I've found love, and I so desperately hope everyone reading this will. 

Saturday, March 7, 2015

I Am Woman, Hear Me Roar

Tegan and Sara's curated badass playlist for International Women's Day 2015 - LOVING IT.

In honor of International Women's Day 2015, I think it's only fair we thank the media gods for the screen time they give empowered women. For every second Kim Kardashian is overlooked for Amal Alamuddin, womenkind everywhere has scored a huge win!

Kudos to Amy Poehler and Tina Fey (more feminist icons to love!) for calling out Hollywood! Hilars!

These are the women we aspire to be: the movers and the shakers who make a difference in the world, the badass bitches who kick ass and look great doing it, who are seriously so perfect they're post-human.

I was inspired to write this after watching House of Cards: Claire Underwood, while a fictional character, is every bit the woman I aspire to be. Intelligent, always immaculately dressed, poised, well spoken, ambitious. She's careful, deliberate, never reactionary. When someone hurts her, she doesn't react: she makes a plan, or moves on with her much more important life. She evaluates, she is cognizant, she is brilliant: the fact that she is powerful and always in control is, to me, the height of her femininity. Your time is valuable, and it can't be wasted worrying about things that you can't control or people who don't value you. I'm guilty of too often wearing my heart on my sleeve and being a giant goofball: while this has served me well socially (everyone loves me, duh, but I suppose it hasn't helped me in romance, the suave sophisticates I usually fall for appreciate the feminine mystique, not the girl making South Park jokes), it's time to become a bad bitch.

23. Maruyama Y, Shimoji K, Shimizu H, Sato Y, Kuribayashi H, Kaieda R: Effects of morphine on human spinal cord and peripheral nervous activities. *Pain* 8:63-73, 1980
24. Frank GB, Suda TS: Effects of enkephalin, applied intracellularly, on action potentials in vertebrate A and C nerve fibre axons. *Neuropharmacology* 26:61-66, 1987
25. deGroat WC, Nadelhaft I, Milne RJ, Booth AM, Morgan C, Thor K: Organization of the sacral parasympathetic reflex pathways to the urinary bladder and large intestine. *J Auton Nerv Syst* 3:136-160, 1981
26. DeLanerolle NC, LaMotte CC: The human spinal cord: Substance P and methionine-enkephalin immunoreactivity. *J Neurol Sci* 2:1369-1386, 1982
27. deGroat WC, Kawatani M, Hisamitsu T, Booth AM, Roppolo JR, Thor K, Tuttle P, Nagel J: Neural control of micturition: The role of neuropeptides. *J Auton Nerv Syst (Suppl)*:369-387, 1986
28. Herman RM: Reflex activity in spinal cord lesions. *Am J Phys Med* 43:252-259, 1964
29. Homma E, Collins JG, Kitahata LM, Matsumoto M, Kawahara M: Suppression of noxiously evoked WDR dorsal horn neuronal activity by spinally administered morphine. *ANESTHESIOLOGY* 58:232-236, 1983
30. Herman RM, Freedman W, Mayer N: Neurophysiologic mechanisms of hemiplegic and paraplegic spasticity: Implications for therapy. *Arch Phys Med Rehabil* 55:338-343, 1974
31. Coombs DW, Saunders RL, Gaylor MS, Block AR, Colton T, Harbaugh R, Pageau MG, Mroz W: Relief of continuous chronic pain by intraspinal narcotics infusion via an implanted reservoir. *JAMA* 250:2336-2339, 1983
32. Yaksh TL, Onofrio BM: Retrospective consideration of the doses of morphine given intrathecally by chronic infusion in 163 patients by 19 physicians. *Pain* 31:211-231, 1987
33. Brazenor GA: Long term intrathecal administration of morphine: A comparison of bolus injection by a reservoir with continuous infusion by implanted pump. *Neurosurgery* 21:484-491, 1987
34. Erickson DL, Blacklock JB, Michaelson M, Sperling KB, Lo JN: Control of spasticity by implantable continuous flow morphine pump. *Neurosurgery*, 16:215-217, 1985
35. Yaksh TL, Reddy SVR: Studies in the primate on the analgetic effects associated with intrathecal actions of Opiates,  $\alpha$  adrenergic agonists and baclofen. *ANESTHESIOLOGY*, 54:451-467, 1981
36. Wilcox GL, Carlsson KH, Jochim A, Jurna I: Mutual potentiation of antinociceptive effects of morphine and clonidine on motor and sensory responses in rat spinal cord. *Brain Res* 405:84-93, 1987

My recent heartbreak [See post: Tinderella] has me kicking myself for ever losing myself in a mere man. I have jumped from a plane, I have traveled the world, I have spheres of influence that most people only dream of, I have accomplished so much in such little time: how truly idiotic of me to let one man allow me to question my self worth. As women, we are capable of amazing things: so often we're blinded to our full potential with distractions. Capitalistic society (which I, as an avid online shopper, wholeheartedly embrace) has us preoccupied with things that don't matter: Boys, Makeup, Cat videos. There is such a constant deluge of of what we "should" be that we completely lose track of what we "could" be.